Jewish World Review April 11, 2003 / 9 Nisan, 5763
Lewis A. Fein
http://www.jewishworldreview.com | Today is the liberation of the Iraqi people. Today is history's verdict -- the only answer to a previously debatable question and a formerly unknown proposition, Will the liberation of the Iraqi people be quick, just and welcome? For every opponent of this war - for every otherwise decent individual who remained silent about the extremism of his comrades and demurely accepted the illogic of his compatriots; for every American who condemned our government but ignored Iraq's political nightmare - there is another question that deserves comment: What will you say to the liberated, to the children orphaned by Saddam Hussein's brutality and the women raped by his inhumanity? Will your answer be humble or defiant, contrite or cruel? For there is the appropriate plea ("Forgive Me") and the Left's actual pronouncement ("Screw You").
Remember, each antiwar statement - every placard that bleeds the ink of its author - reflects a particularly deliberate use of language. In other words, Home Depot does not sell (nor does Staples offer) protester stationery; the activist must pitch his own lawn sign of outrage, his own "Beware of Dog" condemnation of President George W. Bush. And what the protester refuses to say is just as important as what he willingly articulates: the inability to insert morality's addendum and history's obligation, "Saddam, Burn in Hell."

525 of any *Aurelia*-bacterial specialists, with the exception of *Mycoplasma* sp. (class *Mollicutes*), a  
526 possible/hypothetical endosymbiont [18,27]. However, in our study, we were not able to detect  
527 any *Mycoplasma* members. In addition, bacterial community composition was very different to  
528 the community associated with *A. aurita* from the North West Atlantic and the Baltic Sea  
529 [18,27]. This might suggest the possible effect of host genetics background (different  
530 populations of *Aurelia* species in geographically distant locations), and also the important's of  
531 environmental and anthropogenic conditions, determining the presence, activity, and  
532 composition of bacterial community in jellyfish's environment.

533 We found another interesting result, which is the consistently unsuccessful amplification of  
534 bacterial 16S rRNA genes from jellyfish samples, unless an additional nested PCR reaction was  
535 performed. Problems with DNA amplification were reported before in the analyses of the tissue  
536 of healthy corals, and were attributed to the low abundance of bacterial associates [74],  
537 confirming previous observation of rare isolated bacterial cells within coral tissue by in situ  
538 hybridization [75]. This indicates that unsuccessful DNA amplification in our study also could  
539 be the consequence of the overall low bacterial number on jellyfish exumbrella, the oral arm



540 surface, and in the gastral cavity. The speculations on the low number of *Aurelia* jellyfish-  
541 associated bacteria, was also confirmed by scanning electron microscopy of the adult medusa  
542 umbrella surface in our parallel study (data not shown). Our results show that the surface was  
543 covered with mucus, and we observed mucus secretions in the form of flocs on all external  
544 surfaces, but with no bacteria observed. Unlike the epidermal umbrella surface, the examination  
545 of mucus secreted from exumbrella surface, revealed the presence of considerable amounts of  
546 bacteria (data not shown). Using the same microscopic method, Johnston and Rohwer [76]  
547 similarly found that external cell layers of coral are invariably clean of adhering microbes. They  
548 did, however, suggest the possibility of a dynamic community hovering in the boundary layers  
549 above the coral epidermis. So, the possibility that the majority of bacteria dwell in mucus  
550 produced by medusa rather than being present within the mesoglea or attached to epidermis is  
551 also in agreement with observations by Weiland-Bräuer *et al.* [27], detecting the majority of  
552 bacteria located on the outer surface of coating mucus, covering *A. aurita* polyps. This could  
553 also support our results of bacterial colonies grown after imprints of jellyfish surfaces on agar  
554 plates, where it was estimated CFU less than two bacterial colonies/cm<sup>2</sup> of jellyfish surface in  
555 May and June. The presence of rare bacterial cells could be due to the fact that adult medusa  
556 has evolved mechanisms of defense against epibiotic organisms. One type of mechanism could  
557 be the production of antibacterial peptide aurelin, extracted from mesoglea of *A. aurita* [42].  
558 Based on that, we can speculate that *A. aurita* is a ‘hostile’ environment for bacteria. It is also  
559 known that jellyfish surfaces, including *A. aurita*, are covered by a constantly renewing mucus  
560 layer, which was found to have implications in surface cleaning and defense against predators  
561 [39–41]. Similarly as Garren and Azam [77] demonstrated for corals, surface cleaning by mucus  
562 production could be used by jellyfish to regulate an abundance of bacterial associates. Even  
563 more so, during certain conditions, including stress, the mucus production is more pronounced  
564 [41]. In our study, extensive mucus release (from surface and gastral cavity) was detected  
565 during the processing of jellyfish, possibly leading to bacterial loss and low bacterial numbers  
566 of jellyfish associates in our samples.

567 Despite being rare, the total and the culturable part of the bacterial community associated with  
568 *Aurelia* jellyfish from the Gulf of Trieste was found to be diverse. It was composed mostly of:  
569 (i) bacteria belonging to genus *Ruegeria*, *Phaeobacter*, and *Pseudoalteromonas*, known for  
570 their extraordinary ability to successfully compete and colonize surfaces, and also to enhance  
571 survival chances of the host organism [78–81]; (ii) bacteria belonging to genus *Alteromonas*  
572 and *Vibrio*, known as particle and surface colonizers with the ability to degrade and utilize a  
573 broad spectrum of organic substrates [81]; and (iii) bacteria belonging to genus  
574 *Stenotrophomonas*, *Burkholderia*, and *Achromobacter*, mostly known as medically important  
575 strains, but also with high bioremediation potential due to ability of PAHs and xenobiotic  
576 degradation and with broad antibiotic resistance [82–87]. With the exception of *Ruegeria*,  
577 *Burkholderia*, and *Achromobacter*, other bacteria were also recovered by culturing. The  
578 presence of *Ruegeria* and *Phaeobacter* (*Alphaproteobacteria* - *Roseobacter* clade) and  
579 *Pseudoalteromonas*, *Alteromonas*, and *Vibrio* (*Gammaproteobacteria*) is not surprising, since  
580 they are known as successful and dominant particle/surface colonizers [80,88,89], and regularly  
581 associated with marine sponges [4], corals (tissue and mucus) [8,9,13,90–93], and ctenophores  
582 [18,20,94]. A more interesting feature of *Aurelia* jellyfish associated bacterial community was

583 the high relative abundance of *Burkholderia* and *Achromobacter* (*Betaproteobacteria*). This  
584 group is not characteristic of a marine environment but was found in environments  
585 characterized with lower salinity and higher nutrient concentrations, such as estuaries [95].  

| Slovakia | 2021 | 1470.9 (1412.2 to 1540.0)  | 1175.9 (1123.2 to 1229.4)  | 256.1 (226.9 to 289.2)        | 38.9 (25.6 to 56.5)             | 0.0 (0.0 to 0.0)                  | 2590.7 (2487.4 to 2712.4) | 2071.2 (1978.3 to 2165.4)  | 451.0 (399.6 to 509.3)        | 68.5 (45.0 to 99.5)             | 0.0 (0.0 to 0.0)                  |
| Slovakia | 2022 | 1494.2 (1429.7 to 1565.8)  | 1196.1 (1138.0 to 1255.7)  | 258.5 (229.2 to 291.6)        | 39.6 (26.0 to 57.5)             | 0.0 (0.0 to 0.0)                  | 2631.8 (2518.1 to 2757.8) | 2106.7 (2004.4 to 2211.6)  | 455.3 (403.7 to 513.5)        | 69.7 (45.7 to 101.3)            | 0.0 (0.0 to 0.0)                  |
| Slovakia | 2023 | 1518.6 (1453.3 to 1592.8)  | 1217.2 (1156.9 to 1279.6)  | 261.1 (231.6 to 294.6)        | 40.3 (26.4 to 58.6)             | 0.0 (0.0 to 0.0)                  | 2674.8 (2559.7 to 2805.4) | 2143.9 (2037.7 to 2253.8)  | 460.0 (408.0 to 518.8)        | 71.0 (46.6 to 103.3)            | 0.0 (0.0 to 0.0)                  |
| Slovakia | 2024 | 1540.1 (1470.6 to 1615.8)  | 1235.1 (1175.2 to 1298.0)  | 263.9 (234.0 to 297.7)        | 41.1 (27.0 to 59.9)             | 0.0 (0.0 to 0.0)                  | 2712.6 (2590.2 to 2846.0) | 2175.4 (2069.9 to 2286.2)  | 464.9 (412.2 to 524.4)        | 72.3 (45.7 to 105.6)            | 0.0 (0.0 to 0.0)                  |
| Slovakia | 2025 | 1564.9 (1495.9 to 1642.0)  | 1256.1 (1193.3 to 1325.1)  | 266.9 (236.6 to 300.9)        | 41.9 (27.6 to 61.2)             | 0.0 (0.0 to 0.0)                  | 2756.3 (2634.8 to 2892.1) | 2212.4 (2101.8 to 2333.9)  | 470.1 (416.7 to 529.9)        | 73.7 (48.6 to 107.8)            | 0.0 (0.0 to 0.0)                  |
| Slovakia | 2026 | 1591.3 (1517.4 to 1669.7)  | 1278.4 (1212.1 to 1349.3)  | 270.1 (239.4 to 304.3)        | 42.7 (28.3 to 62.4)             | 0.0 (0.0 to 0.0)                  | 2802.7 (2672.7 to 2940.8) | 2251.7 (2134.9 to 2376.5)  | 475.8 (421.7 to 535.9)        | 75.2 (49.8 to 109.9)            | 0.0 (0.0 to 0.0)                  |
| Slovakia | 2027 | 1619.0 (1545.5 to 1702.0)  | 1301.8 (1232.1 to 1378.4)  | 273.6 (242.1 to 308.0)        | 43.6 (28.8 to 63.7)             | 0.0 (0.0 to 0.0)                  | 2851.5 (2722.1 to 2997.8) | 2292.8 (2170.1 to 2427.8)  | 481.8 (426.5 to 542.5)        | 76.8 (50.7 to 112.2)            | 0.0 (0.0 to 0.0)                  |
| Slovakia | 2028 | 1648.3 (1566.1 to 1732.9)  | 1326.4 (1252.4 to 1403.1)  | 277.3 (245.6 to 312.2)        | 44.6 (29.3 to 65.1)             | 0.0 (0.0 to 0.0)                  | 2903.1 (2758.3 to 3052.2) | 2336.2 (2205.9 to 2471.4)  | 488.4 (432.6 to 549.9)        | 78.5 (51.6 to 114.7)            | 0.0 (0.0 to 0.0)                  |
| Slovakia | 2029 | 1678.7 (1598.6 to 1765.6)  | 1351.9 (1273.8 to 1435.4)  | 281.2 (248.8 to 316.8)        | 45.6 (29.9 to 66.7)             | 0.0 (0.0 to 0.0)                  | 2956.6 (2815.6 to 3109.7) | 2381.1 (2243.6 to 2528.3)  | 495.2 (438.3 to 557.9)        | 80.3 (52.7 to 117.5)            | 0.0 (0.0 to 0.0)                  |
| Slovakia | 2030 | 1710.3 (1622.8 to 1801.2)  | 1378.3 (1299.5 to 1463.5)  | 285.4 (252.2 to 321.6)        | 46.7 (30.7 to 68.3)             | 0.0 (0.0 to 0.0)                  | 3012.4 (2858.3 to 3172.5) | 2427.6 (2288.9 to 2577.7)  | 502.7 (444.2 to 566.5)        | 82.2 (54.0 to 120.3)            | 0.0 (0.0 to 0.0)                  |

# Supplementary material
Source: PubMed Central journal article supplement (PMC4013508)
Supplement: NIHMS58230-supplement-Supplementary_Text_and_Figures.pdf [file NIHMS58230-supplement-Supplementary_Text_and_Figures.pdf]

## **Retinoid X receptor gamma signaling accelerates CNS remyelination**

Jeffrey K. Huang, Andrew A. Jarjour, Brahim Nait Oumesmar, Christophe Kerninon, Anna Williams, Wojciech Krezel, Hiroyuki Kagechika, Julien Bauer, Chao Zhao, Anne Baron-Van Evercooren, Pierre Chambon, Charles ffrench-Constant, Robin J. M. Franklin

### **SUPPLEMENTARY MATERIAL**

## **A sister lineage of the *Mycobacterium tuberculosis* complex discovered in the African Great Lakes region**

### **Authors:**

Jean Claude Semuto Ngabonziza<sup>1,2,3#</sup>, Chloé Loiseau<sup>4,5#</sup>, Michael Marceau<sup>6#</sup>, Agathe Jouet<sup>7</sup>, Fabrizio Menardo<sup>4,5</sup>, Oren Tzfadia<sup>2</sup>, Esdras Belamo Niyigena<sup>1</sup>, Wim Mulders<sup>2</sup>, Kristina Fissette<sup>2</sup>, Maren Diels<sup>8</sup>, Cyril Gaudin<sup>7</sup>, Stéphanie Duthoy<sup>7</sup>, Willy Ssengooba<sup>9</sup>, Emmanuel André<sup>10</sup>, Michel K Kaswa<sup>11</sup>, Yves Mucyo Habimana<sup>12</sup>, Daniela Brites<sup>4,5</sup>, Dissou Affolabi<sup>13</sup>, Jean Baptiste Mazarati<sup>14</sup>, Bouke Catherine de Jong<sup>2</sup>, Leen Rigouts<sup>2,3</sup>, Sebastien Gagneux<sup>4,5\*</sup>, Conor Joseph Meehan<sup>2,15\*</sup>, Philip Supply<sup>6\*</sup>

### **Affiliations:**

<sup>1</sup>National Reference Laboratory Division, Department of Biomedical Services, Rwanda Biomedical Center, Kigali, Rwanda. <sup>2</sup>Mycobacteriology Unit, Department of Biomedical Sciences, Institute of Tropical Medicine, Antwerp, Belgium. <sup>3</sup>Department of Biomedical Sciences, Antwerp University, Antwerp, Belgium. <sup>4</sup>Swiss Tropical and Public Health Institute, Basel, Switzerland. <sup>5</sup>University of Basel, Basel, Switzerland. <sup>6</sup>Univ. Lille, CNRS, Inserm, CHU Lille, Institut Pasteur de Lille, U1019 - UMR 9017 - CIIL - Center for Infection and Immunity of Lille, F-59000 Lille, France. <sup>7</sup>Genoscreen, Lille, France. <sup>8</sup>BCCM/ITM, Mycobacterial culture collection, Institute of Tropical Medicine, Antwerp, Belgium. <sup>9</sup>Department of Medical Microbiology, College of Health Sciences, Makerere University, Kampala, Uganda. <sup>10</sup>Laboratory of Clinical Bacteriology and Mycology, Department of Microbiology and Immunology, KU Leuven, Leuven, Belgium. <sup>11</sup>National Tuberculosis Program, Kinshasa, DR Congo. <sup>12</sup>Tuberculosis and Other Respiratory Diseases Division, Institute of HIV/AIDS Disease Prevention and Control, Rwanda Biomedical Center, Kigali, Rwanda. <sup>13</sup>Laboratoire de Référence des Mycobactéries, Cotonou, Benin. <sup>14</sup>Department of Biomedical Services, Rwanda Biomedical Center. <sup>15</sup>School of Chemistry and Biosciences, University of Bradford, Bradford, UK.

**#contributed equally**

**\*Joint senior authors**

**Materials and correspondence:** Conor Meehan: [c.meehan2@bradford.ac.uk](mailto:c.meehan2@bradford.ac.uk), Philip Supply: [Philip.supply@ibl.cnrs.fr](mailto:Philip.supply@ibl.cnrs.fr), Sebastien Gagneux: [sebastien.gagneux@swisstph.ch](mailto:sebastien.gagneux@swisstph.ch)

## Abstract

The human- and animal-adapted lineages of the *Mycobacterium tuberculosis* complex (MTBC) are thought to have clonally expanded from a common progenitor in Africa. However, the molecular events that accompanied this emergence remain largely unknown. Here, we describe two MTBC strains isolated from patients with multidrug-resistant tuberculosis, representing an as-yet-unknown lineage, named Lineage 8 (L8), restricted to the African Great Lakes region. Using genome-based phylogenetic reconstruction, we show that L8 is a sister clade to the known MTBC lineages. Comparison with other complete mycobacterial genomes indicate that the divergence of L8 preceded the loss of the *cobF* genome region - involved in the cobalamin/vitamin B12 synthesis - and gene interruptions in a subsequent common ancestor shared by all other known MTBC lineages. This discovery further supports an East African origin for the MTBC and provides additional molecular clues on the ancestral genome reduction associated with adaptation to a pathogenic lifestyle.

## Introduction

But the signs of protest - the slogans directed against Jews and shouted before innocents - have exceptionally strong roots. Unlike the false idols toppled in Baghdad and leveled in Basra, the Left's political statues have pedestals firmly anchored in Malibu sand and Park Avenue granite. And nothing, not even the tearful reunion of families or the solemn liberation of tortured children and victimized women, will convince these individuals - the protesters; the professors who theorize about it, the journalists who editorialize for it and the celebrities who revel in it - that the antiwar movement is wrong.
Alas, there is an even better question before us: Why would America, at the president's command and the Senate's blessing (alongside Spain's benediction and England's affirmation) willingly - eagerly - liberate millions of Arabs, when this country supposedly does Israel's bidding and Zionism's dirty work? Why would the symbol of so many former wrongs and shame - from the enslavement of blacks to the internment of Asians - now voluntarily unlock the manacles of tyranny and erase the laws of oppression? Perhaps the answer is greater than our previous sins and representative of our greatest glories -- freedom!
Today, the Iraqi people have conflict but the seeds of liberty; a month ago the same citizens had relative peace - tranquility defended by France and seconded by Germany - and absolute tyranny. This key difference between illegitimate order and spontaneous upheaval genuinely confounds the antiwar movement: puzzlement and outrage, climaxed by rhetorical angst -- Why would innocent civilians support the use of military force within their own country? Are the people of Iraq so confused and desperate that they can no longer see the similarities between a mustachioed tyrant named Saddam and a bearded reaper of violence called Uncle Sam?
The images of liberated Iraqis will remain forever visible among the
courageous and free. These shouts of personal dignity and individual autonomy
enrage the political Left. Any gratitude toward America - any thankful nod to
Great Britain and Parliament - is a simultaneous insult toward the antiwar
movement. But, emancipated from the darkness of political prison and
enlightened by principles of tolerance and justice, the Iraqi people will
long remember the soldiers who secured liberty's price . . . and the critics,
opponents and pessimists who ignored evil's record.